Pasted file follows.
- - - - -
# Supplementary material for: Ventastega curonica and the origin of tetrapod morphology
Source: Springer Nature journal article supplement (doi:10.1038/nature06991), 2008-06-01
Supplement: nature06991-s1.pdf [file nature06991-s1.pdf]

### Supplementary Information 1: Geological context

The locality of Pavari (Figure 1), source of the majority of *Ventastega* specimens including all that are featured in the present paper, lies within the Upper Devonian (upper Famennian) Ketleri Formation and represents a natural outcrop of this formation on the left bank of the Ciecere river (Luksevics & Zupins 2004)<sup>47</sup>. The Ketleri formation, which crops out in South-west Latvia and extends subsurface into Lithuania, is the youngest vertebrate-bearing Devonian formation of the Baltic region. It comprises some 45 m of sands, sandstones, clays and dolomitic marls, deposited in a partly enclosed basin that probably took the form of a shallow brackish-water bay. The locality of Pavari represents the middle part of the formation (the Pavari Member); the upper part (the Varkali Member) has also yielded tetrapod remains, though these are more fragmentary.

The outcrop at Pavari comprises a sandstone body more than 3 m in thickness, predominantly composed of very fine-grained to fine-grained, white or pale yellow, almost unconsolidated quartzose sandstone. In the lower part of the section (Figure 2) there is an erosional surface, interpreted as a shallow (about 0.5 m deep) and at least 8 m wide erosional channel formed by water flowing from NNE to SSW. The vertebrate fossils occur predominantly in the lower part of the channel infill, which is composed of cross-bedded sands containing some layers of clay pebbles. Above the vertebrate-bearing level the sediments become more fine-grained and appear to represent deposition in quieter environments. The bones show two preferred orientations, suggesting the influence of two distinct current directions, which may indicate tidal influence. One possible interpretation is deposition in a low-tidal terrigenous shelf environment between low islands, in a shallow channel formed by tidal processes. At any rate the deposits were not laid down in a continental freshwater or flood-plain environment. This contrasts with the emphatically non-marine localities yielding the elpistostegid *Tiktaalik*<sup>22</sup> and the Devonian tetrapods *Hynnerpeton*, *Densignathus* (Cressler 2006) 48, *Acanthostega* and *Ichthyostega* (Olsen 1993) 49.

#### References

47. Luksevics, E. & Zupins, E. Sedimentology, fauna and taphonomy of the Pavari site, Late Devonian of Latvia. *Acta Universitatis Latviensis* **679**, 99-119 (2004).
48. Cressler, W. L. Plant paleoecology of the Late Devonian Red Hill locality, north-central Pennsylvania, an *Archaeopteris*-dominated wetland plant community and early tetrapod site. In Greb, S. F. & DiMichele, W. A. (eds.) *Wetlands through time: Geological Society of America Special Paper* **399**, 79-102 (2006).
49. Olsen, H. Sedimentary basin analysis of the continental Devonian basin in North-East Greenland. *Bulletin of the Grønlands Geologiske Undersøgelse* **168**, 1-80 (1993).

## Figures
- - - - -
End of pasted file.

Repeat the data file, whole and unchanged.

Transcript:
# Supplementary material for: Ventastega curonica and the origin of tetrapod morphology
Source: Springer Nature journal article supplement (doi:10.1038/nature06991), 2008-06-01
Supplement: nature06991-s1.pdf [file nature06991-s1.pdf]

### Supplementary Information 1: Geological context

The locality of Pavari (Figure 1), source of the majority of *Ventastega* specimens including all that are featured in the present paper, lies within the Upper Devonian (upper Famennian) Ketleri Formation and represents a natural outcrop of this formation on the left bank of the Ciecere river (Luksevics & Zupins 2004)<sup>47</sup>. The Ketleri formation, which crops out in South-west Latvia and extends subsurface into Lithuania, is the youngest vertebrate-bearing Devonian formation of the Baltic region. It comprises some 45 m of sands, sandstones, clays and dolomitic marls, deposited in a partly enclosed basin that probably took the form of a shallow brackish-water bay. The locality of Pavari represents the middle part of the formation (the Pavari Member); the upper part (the Varkali Member) has also yielded tetrapod remains, though these are more fragmentary.

The outcrop at Pavari comprises a sandstone body more than 3 m in thickness, predominantly composed of very fine-grained to fine-grained, white or pale yellow, almost unconsolidated quartzose sandstone. In the lower part of the section (Figure 2) there is an erosional surface, interpreted as a shallow (about 0.5 m deep) and at least 8 m wide erosional channel formed by water flowing from NNE to SSW. The vertebrate fossils occur predominantly in the lower part of the channel infill, which is composed of cross-bedded sands containing some layers of clay pebbles. Above the vertebrate-bearing level the sediments become more fine-grained and appear to represent deposition in quieter environments. The bones show two preferred orientations, suggesting the influence of two distinct current directions, which may indicate tidal influence. One possible interpretation is deposition in a low-tidal terrigenous shelf environment between low islands, in a shallow channel formed by tidal processes. At any rate the deposits were not laid down in a continental freshwater or flood-plain environment. This contrasts with the emphatically non-marine localities yielding the elpistostegid *Tiktaalik*<sup>22</sup> and the Devonian tetrapods *Hynnerpeton*, *Densignathus* (Cressler 2006) 48, *Acanthostega* and *Ichthyostega* (Olsen 1993) 49.

#### References

47. Luksevics, E. & Zupins, E. Sedimentology, fauna and taphonomy of the Pavari site, Late Devonian of Latvia. *Acta Universitatis Latviensis* **679**, 99-119 (2004).
48. Cressler, W. L. Plant paleoecology of the Late Devonian Red Hill locality, north-central Pennsylvania, an *Archaeopteris*-dominated wetland plant community and early tetrapod site. In Greb, S. F. & DiMichele, W. A. (eds.) *Wetlands through time: Geological Society of America Special Paper* **399**, 79-102 (2006).
49. Olsen, H. Sedimentary basin analysis of the continental Devonian basin in North-East Greenland. *Bulletin of the Grønlands Geologiske Undersøgelse* **168**, 1-80 (1993).

## Figures